Travel safety tips

The days are shorter now and it’s getting darker earlier and we want to make sure your commute home from class is a safe one. If you get to campus on your bike, by transit, ride sharing or if you drive, we’ve got you covered.

Walking

  • Find a friend to walk with.
  • If you’re walking alone, you can call on our SafeWalk program to have the team walk with you to a transit stop, to wait with you for your cab or ride share, or to your car.  Find more info at http://studentassociation.ca/services/safewalk/.Open New Browser Window
  • Only walk in well-lit areas.
  • Don’t walk and text at the same time, or wear headphones so you’re always aware of what’s going on around you.
  • If possible, avoid carrying too many bags or parcels.
  • If you think you are being followed, switch directions or cross the street and go directly to the nearest area close to a group of people.

Cycling

  • When cycling at night, wear light-coloured clothing or reflective fabric.
  • According to the City of Toronto, cyclists have to use bike lights (white front light and red back light) from half-hour before sunset to half-hour after sunrise.
  • Slow down when crossing over streetcar tracks.

You can find a full list of cycling tips at toronto.caOpen New Browser Window

Driving

When you’re heading to your parked car: 

  • Call our SafeWalk Open New Browser Window team to have them walk with you to your car.
  • Make sure you have your keys ready in your hand. 
  • If you see someone near your car, it’s best that you don’t approach it.
  • Lock the doors once you get inside your car.

Transit 

  • All transit stations have Designated Waiting Areas (DWA). Stand there while you wait for your train or bus. These areas are well-lit and have a direct connection to TTC Staff from an emergency call box, as well as security cameras.
  • When travelling at night, try to take transit with a friend. 
  • If you’re traveling alone on transit, try to sit as close to the driver as possible. This way they can assist you if necessary.
  • Remember to use the TTC Request Stop Service, which allows riders traveling alone between 9 p.m. and 5 a.m. to be dropped anywhere between stops. Just ask the driver.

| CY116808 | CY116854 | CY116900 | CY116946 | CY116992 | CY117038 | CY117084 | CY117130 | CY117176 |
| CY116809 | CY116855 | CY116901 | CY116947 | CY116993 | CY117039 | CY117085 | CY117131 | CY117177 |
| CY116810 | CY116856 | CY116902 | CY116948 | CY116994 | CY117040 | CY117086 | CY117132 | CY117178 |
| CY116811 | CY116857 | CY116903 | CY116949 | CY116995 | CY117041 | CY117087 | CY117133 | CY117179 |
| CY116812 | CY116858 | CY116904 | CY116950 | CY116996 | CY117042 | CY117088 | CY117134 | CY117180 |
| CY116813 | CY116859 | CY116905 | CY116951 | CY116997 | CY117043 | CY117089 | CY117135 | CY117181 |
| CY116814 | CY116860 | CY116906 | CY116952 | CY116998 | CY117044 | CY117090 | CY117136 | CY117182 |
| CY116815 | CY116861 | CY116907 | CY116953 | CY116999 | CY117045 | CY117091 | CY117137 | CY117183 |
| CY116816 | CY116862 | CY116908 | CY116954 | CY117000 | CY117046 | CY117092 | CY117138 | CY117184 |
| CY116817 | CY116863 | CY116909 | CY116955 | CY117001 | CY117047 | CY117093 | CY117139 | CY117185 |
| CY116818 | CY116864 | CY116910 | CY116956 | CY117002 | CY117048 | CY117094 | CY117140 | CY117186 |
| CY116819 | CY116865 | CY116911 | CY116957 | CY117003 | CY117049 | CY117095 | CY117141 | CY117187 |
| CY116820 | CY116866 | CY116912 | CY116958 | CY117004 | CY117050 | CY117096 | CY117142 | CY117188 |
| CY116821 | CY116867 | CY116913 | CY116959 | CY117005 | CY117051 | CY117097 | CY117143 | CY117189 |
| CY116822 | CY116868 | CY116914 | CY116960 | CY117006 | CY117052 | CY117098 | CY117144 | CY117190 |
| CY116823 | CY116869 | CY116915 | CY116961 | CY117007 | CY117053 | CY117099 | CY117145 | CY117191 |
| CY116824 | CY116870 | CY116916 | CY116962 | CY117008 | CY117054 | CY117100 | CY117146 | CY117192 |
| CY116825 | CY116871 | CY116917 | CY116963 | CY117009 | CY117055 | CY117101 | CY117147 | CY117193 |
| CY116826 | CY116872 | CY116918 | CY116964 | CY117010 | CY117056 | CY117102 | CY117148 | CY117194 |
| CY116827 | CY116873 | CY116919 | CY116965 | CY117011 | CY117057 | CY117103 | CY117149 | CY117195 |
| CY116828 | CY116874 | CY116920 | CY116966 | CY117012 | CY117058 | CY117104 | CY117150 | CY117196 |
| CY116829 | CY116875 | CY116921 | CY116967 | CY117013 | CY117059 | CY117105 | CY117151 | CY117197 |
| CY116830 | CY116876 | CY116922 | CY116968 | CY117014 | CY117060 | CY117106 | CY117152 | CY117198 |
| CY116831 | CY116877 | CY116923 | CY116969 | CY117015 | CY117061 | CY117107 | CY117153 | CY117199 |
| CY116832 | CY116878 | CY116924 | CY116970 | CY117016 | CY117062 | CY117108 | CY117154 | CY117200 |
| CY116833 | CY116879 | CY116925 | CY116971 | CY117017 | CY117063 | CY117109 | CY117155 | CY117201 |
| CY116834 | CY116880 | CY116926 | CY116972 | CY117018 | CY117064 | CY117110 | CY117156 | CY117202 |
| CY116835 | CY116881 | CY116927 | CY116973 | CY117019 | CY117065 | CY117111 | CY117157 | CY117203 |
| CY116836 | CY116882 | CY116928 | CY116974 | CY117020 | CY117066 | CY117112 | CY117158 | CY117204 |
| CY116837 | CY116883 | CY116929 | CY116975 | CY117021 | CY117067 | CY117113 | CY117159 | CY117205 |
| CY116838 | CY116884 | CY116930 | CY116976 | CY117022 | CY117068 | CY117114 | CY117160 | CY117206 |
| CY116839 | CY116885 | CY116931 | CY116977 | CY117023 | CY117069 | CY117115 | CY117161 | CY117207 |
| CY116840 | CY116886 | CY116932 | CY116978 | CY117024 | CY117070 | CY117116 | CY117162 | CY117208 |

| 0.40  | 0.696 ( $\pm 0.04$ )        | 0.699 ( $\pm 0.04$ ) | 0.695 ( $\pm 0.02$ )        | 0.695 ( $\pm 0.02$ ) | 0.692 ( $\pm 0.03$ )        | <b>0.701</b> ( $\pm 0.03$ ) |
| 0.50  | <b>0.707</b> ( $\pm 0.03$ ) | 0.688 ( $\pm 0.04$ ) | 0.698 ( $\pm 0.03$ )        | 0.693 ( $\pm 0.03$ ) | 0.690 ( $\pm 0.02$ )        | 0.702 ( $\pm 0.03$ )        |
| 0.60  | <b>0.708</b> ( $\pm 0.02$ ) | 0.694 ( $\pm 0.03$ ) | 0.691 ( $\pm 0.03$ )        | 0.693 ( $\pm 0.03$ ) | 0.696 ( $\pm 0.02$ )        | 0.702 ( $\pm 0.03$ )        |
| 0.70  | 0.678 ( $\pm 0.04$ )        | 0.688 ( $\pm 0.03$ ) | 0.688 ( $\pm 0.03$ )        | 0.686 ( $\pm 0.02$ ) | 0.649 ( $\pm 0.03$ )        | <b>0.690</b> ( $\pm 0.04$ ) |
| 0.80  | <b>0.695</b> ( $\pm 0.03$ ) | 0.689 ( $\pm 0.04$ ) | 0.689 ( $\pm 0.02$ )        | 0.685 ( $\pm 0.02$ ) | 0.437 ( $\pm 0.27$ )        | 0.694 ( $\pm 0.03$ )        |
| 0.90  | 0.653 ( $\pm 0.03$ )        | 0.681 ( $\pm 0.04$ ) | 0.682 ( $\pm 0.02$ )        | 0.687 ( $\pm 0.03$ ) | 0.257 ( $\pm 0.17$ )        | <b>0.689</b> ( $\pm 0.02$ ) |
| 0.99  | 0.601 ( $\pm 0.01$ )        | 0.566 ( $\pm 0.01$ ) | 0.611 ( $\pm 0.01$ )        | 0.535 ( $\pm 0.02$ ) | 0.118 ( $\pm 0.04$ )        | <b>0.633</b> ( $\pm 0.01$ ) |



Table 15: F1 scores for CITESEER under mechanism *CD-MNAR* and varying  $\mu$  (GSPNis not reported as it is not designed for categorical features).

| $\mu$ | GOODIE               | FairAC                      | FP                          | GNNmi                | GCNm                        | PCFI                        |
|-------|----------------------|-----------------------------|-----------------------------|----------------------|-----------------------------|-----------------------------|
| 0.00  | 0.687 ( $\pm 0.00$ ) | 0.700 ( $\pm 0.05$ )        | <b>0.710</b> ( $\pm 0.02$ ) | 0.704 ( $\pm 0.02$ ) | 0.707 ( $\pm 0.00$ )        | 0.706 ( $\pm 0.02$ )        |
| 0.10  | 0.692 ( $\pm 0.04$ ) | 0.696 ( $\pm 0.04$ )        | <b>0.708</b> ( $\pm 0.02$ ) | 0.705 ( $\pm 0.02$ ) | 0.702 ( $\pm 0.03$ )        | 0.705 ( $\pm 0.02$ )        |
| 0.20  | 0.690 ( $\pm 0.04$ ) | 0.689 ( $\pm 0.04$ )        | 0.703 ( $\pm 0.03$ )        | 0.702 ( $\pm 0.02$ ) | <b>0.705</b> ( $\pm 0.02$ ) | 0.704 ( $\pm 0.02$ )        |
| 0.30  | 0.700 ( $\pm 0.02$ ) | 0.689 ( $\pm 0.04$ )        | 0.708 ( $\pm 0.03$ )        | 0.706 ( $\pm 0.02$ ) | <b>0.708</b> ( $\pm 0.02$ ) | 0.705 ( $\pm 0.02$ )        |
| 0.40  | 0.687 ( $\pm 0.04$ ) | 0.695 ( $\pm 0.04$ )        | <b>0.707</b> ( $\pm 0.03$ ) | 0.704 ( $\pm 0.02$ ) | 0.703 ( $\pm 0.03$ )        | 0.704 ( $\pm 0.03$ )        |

Taxi, Uber and Lyft services

  • Book your ride in advance. It’s always safer than hailing a cab on the street. When the driver arrives, make sure it’s the driver and car you ordered.
  • If you’re riding alone, sit in the backseat.
  • Have your phone at hand so you can follow the driver’s route through a map app.
  • Once you get in the car, locate the taxi driver’s badge and take a picture of it if you can.
  • If you’re chatting with the driver, keep it professional and don’t divulge personal information.
  • Make sure you never take a taxi alone if you’re intoxicated. If possible, try to have someone with you. However, always refuse to share a cab with a stranger.

UBER and Lyft-specific

  • Before you get in the car, check that the license plate, driver photo, and driver name all match what’s listed in the app.
    Uber rides can only be requested through the app, so never get in a car with a driver who claims to be with Uber and offers a ride.
  • Share your trip details with friends or family. 

  1. According to Uber you are able to tap “share status” in the mobile app and share your driver’s name, photo, license plate and location with a friend or family member. They can track your trip without downloading the Uber app.
  2. Lyft users can tap the “Send ETA” icon which will send a text to family and friends with a link to your current route and location.

And finally, always trust your instincts and gut feelings. If something doesn’t feel right, trust it, and take a different course of action. If you are already on the road and are in an emergency situation, please call 911 immediately.